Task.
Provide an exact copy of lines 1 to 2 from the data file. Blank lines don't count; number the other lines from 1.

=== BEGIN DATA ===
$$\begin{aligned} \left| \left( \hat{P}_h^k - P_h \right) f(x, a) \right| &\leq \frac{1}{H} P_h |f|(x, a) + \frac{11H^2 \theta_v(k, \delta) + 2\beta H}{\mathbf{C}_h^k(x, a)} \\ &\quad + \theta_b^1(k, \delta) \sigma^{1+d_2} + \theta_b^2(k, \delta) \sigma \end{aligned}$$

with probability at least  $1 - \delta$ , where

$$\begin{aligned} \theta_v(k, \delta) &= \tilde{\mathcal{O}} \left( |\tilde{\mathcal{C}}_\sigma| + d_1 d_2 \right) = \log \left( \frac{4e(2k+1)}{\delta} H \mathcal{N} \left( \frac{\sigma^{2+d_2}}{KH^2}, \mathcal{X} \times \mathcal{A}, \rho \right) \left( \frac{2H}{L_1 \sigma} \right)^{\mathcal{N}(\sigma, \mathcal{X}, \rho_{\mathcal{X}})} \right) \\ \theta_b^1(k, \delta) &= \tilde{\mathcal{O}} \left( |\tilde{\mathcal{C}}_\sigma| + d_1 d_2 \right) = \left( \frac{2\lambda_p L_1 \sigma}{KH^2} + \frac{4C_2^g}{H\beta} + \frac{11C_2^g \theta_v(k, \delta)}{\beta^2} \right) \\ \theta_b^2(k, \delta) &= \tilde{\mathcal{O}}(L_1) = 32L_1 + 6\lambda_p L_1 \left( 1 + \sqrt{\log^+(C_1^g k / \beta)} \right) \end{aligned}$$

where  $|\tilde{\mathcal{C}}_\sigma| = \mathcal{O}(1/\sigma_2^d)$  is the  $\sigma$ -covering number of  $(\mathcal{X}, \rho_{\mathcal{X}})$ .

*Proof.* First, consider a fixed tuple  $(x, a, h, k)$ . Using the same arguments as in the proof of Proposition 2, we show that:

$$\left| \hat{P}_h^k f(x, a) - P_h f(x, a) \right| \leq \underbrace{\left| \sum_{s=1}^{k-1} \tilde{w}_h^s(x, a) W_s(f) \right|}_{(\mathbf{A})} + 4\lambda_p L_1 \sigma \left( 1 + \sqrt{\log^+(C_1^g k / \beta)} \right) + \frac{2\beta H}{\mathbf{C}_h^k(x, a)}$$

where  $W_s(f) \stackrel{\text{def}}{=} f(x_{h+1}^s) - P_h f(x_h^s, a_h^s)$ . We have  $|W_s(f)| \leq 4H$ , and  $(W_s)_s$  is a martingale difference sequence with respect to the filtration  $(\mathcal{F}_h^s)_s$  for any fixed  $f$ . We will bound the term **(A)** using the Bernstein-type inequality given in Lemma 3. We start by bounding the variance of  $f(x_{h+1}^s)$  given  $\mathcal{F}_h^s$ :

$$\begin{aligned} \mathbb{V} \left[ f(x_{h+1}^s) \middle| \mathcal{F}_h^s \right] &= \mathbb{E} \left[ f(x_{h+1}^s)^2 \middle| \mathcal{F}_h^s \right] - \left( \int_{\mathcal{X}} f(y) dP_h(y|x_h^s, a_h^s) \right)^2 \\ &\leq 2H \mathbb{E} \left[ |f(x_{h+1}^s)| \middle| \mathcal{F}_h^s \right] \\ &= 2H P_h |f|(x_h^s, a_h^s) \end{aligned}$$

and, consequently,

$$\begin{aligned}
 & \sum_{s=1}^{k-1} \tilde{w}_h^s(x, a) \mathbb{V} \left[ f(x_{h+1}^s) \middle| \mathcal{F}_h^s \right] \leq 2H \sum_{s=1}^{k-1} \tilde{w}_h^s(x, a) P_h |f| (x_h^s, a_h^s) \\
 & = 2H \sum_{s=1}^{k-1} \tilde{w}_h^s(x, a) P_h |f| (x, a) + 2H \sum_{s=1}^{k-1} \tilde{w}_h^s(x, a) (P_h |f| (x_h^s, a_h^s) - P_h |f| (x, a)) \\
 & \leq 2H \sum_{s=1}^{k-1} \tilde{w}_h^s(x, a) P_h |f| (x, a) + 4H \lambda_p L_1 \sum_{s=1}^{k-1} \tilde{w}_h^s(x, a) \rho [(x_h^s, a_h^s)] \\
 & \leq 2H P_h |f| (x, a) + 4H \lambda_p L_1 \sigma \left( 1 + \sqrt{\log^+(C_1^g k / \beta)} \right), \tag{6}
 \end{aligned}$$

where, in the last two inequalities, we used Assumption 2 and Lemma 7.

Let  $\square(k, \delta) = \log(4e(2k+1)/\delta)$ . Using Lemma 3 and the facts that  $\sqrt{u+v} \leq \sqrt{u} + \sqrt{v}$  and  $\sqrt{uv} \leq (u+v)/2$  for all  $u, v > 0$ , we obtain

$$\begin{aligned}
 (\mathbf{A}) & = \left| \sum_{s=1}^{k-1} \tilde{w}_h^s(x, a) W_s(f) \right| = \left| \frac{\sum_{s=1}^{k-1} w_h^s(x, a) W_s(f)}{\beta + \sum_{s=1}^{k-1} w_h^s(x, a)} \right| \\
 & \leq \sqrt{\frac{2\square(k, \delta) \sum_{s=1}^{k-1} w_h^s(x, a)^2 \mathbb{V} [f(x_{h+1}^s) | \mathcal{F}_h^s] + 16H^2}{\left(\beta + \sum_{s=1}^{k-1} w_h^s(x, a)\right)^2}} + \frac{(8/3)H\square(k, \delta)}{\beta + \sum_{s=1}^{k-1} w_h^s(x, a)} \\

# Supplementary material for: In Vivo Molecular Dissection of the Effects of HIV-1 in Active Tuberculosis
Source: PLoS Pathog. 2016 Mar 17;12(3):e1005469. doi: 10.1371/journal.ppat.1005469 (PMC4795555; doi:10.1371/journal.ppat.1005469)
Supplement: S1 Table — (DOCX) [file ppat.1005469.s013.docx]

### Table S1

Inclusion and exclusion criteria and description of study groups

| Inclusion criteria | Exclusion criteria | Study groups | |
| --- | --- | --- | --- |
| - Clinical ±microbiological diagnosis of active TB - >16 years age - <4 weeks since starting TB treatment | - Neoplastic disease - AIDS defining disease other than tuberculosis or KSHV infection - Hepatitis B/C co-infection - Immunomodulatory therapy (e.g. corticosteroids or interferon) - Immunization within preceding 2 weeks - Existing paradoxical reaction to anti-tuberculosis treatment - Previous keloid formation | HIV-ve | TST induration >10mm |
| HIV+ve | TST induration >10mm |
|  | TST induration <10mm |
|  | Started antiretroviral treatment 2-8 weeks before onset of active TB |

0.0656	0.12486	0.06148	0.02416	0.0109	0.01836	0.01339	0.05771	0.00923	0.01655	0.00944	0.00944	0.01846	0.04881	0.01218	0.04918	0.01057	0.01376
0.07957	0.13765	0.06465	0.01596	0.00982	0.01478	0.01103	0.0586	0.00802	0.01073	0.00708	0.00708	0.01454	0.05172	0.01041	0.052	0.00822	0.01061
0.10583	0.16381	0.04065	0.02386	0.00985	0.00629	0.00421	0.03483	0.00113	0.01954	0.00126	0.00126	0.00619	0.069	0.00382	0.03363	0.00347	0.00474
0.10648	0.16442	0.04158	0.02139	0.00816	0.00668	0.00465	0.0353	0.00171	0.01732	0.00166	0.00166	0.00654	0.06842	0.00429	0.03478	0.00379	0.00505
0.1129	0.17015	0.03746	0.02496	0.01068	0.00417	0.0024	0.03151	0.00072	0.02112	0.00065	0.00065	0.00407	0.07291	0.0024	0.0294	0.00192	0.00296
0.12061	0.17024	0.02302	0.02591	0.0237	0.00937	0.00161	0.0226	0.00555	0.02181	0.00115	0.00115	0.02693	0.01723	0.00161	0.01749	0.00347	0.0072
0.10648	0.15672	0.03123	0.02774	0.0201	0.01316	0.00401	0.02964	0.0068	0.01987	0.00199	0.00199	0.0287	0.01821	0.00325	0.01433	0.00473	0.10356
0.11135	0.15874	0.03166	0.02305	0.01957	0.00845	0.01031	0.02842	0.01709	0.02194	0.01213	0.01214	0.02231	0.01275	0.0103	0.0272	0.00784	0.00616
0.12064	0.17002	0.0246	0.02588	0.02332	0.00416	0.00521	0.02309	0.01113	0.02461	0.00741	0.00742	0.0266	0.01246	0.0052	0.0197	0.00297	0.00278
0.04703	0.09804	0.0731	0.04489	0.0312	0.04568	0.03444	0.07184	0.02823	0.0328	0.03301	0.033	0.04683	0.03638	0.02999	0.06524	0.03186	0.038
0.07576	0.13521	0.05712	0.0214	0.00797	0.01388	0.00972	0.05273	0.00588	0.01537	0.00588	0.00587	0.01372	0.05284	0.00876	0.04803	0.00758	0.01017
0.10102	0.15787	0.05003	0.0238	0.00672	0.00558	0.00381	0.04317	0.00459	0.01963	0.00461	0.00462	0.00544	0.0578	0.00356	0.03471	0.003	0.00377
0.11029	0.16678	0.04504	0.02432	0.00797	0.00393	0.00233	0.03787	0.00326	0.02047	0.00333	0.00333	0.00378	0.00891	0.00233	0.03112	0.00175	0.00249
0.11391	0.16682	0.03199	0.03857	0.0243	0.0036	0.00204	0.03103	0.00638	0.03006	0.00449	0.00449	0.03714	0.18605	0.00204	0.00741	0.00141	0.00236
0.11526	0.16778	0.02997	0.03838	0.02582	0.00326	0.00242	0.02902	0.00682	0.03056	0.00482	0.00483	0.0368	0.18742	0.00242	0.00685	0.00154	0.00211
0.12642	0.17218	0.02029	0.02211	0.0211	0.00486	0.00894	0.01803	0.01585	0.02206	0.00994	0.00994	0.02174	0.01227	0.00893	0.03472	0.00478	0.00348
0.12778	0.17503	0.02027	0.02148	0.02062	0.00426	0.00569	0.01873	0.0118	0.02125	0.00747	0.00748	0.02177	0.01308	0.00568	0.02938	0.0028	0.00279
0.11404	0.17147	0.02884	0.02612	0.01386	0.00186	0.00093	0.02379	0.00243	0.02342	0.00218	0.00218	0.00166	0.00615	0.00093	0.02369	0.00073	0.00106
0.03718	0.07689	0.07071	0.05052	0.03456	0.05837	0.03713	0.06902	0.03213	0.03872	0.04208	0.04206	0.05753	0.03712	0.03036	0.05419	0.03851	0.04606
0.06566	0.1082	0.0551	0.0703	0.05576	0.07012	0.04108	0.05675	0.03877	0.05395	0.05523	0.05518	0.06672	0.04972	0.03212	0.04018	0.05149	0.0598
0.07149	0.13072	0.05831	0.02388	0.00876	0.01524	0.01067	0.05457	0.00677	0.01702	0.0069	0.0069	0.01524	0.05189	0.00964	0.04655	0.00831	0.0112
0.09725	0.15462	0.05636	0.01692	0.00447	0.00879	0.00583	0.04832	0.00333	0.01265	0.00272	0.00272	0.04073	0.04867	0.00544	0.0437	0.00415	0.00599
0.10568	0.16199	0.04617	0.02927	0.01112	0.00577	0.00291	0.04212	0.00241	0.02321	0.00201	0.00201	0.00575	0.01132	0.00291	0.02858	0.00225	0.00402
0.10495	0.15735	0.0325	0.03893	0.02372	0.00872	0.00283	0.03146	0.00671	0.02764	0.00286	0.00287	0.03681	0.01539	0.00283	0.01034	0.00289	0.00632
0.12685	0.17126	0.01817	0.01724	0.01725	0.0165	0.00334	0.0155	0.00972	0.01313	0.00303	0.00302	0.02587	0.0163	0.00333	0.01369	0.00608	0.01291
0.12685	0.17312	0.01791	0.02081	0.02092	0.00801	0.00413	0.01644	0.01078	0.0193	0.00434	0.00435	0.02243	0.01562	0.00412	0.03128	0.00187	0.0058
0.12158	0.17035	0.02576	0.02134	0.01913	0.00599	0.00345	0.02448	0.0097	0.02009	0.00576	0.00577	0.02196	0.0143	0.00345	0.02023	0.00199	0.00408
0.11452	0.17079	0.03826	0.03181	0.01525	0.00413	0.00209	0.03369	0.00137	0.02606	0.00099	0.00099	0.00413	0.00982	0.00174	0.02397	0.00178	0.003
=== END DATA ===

$$\begin{aligned} \left| \left( \hat{P}_h^k - P_h \right) f(x, a) \right| &\leq \frac{1}{H} P_h |f|(x, a) + \frac{11H^2 \theta_v(k, \delta) + 2\beta H}{\mathbf{C}_h^k(x, a)} \\ &\quad + \theta_b^1(k, \delta) \sigma^{1+d_2} + \theta_b^2(k, \delta) \sigma \end{aligned}$$

with probability at least  $1 - \delta$ , where